Dead Rhetoric: How is Tom doing in recovery at this point – were you surprised by the outpouring of crowdfunding support to help with his hospital bills, does this speak to the power of the metal community to take care of each other in these times of need?
Souza: That’s amazing, isn’t it? He’s the nicest guy in the world, there isn’t a person in the world that would say anything bad about Tom. He would give you the shoes off of his feet if you couldn’t walk. It happened to the worst guy, but he’ll be back as he’s the strongest guy I know. Before we go on a tour, he does the Rocky type of shit. He chops wood, he lives in the mountains in Lake Almanor. His house was almost burned down by the fires, that’s just how it is in Northern California. You have to be careful.
He’s getting strong now. He had to move a lot of gear from his house. He is setting up the drums and getting his chops down. He still has a couple more chemo treatments, the surgery got all the cancer out. He is feeling better, he can’t wait. The outpouring of people, the money, the greetings, and well wishes. The metal community is definitely awesome. Just the best, when one of them is hurt, they all come to the plate.
Dead Rhetoric: How do you assess the status and career of Exodus at this point? Do you believe you carry a certain amount of respect and consistent credibility not just from fellow musicians and bands, but the first, second, and possibly third generation of thrash followers because of your work?
Souza: I think I explain things very simply. In the 80’s we were rock stars, in the 90’s we were has-beens, and now we are considered legends. You have to go through that and appreciate that whole process. As stupid kids you don’t know you are eighteen, writing all these songs, all these people around telling you how great you are while they put your money in their back pockets, it’s all a learning process. Now we value what we’ve done, and we know what it’s worth for us. We know what we are capable of musically and we know what the fans expect from us and we deliver to them. It’s a mutual appreciation from both sides. We would never give them a record that sucked or didn’t have any of our feeling for what we wanted to do. Now we know what we want – musically the direction is there.
I hear aspects of Tempo of the Damned and Exhibit B in this new album. That’s just me personally – the mentality seems that way. But I can see a little Fabulous Disaster, there are some songs that have a bit of “Cajun Hell” atmosphere. Anger, tempo, and intricacies. Gary, talk about compositions on an album – this is why it took seven years, but wow. I like it better now, the focus is completely into Exodus and these songs prove it.
Dead Rhetoric: You’ve been doing a killer YouTube series for a few years now with Zetro’s Toxic Vault – giving people more insight into the metal scene through your talks with musicians, reviews, and opinions on the scene. What do you enjoy most about your channel, what have been some of your favorite talks or moments, and what do you hope the viewers gain from watching your channel?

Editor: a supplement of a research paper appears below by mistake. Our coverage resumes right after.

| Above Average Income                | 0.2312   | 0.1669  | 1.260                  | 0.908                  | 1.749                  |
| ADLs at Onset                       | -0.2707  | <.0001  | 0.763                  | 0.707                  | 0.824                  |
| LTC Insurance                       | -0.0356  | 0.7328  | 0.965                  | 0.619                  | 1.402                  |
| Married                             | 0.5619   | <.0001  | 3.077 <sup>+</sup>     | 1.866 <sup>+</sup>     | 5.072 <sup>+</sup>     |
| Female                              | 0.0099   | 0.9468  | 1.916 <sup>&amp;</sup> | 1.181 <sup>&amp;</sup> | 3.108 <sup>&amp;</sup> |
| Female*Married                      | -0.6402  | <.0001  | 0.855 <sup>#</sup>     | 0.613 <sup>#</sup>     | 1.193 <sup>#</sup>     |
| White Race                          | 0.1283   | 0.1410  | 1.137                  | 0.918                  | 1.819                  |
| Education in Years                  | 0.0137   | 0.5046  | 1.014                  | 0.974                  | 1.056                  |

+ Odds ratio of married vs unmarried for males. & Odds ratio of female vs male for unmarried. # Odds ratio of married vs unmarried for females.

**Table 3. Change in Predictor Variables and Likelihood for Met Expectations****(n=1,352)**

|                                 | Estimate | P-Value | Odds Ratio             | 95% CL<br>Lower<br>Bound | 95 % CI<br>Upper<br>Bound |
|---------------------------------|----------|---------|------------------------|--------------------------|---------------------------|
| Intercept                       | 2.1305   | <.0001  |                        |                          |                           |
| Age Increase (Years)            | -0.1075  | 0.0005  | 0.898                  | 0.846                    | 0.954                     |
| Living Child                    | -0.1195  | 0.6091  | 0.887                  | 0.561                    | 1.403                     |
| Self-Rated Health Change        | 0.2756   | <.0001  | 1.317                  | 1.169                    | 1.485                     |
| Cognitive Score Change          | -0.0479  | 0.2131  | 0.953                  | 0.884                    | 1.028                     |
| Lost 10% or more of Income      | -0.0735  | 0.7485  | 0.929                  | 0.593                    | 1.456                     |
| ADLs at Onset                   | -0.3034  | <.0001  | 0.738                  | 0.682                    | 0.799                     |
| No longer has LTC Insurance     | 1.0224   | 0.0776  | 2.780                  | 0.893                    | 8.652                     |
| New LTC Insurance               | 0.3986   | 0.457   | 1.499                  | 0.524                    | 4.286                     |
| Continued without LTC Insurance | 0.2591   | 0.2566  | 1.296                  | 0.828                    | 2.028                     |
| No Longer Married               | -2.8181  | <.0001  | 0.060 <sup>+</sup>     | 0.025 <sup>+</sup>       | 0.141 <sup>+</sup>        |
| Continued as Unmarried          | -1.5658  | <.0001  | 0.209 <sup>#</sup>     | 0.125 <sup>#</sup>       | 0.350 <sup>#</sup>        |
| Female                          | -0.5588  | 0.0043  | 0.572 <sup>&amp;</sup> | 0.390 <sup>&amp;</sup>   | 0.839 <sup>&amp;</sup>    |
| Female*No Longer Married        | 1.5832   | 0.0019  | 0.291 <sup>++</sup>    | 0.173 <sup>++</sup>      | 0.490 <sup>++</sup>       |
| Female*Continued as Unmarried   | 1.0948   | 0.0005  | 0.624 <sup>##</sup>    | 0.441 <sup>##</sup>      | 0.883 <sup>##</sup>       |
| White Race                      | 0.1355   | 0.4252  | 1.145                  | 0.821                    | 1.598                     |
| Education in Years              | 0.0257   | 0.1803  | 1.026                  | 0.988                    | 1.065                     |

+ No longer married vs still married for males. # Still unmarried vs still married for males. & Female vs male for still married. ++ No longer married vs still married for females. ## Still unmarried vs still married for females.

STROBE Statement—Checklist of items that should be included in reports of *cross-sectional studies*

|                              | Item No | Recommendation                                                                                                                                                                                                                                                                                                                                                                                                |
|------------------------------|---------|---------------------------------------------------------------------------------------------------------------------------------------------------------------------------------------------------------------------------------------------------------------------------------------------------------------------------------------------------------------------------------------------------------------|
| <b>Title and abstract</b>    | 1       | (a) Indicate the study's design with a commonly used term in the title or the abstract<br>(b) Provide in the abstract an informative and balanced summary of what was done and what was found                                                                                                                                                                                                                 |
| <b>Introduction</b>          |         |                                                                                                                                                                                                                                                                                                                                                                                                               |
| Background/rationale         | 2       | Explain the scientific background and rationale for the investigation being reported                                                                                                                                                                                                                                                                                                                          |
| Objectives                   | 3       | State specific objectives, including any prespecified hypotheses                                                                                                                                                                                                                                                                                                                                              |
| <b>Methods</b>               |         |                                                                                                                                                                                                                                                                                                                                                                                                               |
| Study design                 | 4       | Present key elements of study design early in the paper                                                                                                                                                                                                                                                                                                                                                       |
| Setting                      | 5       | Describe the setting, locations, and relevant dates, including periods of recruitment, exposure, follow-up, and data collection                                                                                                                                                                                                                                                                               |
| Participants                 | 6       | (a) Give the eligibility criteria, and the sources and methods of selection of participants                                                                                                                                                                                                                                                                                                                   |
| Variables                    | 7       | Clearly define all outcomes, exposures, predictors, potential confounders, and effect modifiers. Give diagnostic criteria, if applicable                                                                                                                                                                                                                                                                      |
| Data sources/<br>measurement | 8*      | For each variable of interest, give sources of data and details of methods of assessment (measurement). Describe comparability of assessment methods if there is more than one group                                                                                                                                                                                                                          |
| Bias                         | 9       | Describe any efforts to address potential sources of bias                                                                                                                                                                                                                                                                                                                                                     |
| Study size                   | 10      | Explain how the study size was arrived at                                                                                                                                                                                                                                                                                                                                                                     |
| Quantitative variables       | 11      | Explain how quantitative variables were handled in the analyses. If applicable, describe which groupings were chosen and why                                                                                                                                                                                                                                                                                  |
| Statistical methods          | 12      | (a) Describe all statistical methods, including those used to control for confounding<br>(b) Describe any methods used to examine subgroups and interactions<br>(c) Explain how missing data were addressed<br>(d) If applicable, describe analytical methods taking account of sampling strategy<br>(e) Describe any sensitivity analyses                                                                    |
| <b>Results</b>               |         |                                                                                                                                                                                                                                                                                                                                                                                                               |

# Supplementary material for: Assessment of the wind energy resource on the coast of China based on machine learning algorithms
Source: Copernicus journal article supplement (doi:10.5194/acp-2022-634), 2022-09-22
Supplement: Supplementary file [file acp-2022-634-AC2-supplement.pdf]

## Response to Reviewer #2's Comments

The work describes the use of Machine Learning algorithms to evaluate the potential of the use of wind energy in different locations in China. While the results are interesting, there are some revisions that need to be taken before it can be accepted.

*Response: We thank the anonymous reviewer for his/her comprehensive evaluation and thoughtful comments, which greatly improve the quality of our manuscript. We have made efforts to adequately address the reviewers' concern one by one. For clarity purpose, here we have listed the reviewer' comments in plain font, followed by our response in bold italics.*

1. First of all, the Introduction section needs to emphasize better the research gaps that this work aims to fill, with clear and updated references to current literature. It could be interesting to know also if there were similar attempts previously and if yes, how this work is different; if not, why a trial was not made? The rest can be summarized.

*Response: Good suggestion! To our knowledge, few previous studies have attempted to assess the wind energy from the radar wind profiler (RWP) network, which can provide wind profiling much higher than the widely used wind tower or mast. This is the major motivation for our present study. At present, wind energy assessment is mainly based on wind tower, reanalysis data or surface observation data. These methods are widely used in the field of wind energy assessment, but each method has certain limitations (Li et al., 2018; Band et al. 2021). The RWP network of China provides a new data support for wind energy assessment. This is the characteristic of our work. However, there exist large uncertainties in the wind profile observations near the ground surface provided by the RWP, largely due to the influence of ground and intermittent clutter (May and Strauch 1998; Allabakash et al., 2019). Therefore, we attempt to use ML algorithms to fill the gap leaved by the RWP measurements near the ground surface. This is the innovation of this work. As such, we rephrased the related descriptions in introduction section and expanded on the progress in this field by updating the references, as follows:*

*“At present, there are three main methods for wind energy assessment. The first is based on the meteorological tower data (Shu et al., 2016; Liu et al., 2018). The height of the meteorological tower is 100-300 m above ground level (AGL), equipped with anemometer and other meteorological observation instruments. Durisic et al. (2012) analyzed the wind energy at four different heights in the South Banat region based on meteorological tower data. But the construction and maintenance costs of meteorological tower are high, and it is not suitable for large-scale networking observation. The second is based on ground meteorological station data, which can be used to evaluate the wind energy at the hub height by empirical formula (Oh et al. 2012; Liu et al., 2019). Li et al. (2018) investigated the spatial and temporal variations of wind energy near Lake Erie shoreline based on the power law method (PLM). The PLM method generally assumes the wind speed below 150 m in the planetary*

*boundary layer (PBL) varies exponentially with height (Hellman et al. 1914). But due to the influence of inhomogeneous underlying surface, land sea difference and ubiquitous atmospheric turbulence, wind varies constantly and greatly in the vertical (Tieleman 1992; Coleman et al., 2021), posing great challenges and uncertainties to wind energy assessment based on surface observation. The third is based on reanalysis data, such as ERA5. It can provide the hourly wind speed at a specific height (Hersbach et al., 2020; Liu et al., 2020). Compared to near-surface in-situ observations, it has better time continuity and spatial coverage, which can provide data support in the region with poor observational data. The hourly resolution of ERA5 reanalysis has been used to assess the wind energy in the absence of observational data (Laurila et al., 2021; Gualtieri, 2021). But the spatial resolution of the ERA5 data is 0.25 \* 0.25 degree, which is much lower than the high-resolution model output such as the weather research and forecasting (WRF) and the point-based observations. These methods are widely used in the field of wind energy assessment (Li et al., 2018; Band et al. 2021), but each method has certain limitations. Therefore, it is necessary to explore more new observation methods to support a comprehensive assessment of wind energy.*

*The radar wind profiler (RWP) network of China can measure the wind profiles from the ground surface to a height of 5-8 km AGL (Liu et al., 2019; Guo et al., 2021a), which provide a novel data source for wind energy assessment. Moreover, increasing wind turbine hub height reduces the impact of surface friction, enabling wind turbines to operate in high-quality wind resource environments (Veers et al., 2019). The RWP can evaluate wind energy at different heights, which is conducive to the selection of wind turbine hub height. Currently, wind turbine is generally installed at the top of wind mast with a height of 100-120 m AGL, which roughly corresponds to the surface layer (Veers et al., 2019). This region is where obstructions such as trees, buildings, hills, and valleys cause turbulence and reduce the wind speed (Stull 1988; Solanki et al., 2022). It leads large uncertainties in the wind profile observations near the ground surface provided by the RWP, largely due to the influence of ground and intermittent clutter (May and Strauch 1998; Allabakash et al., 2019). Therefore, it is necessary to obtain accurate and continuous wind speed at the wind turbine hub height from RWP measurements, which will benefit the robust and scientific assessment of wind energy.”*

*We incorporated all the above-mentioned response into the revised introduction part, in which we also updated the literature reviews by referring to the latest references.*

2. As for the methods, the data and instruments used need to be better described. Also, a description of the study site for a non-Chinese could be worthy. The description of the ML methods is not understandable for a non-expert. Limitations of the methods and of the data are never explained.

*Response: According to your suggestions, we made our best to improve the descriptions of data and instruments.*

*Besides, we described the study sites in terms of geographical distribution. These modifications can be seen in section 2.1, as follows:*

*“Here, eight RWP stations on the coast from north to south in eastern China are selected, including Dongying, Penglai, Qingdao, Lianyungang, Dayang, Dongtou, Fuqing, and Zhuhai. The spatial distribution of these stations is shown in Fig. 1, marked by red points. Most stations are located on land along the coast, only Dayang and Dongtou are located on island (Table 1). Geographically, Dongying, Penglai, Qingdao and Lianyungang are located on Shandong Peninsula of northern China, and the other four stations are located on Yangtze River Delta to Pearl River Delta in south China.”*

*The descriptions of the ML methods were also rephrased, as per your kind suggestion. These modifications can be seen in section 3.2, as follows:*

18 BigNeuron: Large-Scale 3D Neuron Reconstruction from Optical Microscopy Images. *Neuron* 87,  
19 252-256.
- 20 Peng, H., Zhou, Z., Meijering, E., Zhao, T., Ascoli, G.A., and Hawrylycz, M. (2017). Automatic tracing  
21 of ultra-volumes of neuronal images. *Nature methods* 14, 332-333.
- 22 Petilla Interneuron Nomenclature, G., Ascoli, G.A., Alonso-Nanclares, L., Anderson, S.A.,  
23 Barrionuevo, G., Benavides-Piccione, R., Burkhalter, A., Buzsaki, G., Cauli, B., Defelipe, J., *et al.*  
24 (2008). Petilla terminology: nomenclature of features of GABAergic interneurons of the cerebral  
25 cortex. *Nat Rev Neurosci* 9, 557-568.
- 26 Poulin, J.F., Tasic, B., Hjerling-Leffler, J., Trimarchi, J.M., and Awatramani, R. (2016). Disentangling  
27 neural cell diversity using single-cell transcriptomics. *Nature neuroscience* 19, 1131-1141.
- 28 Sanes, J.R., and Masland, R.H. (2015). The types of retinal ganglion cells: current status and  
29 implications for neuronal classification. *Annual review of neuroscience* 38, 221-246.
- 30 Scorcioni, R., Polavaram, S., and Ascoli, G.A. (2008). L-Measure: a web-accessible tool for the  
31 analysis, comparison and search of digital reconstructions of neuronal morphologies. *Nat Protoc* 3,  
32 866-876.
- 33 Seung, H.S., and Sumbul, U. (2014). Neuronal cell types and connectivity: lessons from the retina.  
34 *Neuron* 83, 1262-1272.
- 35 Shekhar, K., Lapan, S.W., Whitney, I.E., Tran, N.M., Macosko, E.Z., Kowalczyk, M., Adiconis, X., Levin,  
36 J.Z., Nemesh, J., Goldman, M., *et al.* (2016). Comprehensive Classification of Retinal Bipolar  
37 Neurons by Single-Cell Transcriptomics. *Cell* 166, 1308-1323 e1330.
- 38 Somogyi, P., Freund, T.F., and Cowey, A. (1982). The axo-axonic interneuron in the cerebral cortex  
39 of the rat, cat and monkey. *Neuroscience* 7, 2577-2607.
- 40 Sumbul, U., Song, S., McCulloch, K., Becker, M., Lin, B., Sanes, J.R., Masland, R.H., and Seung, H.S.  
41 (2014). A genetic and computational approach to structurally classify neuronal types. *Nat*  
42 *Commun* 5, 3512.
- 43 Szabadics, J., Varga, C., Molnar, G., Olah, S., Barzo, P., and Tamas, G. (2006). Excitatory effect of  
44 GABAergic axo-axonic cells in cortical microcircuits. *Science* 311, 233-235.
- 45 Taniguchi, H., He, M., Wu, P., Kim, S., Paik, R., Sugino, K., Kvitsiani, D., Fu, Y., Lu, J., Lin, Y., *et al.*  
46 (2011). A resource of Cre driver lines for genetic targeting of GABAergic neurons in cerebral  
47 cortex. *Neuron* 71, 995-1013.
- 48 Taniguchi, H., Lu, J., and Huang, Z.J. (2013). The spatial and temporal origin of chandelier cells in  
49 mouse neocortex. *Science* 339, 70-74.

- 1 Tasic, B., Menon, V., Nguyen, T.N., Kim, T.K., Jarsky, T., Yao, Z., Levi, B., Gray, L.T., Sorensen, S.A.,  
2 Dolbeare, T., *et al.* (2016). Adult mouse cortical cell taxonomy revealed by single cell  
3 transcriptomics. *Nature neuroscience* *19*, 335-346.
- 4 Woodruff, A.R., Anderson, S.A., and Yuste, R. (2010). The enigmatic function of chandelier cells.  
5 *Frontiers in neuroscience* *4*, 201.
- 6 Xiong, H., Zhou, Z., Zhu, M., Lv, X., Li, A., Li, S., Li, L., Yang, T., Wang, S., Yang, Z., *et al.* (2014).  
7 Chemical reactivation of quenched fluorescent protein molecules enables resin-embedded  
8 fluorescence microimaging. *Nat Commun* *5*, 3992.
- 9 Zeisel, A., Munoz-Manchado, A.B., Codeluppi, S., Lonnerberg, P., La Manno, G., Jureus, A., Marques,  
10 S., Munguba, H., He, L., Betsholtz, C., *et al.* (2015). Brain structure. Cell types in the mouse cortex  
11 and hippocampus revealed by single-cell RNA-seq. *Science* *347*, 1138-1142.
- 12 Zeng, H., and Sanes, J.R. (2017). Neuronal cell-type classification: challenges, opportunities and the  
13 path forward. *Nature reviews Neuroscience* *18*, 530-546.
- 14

Souza: Just fun, insight, freedom. I do it because this area and myself – the rolodex in my head is so long. I know so many things, I’ve seen so many connections. I had Chris Kontos on recently and we did a Motörhead thing, I remember the time I had crank with Lemmy inside a dressing room, doing Jack Daniels with him. Where do you get to hear that? I like to talk and have fun, spotlight some people that didn’t get the notoriety that other people may have. The stories are all genuine. I can get five guys from the same band and get five different episodes. It’s just a different view of what each guy thinks, how things happened, and the stories. A lot of fun to do. The meat and potatoes of course (are) the music interviews, but I have a lot of fun with the movie reviews. I have something to give to the people, so I might as well give it away – why not?
Dead Rhetoric: Heavy metal as a genre is now over fifty years old. What still excites you and motivates you within the genre – and where would you like to see some changes (if any) to make the movement stronger and healthy for the future?
Souza: I wish it was more recognized, but I guess it never will be. It pisses me off, and it shouldn’t because I have been in the business long enough, I know what I get. See LL Cool J get in the Rock and Roll Hall of Fame with 2Pac and Notorious B.I.G., not the Scorpions, Iron Maiden, or Judas Priest. Do you understand? It kills me. Iron Maiden was up this year, and wait a minute. LL Cool J can maybe sell out a small theater up to 3,500 people playing live – Iron Maiden sells out stadiums, they haven’t moved enough people musically to where they belong in the Hall of Fame? Give me a break. I go down the list. If it did, it would make things more mainstream.
The best part about metal is our bands don’t give a fuck. If you are a metalhead, you are a metalhead- nobody is telling you to be a metalhead. You love it because you love the aggression. I hear new albums all the time – the new Lamb of God is great, new Armored Saint, I love John Bush. I’m excited for metal – I thought the new AC/DC album was killer. You may have thought they were washed up, but they came out with a rocking, killer record. I am so excited for the bands, I like the two new Iron Maiden songs. Good hooks to them. Even Firepower, the last Judas Priest record they put out in 2018, one of the best records they ever put out. The legends are still killing it. I love bands like The Black Dahlia Murder, Of Mice and Men are my friends. Butcher Babies. I am a metal supporter. If it’s metal I have my horns up for it, I’m all about the allegiance.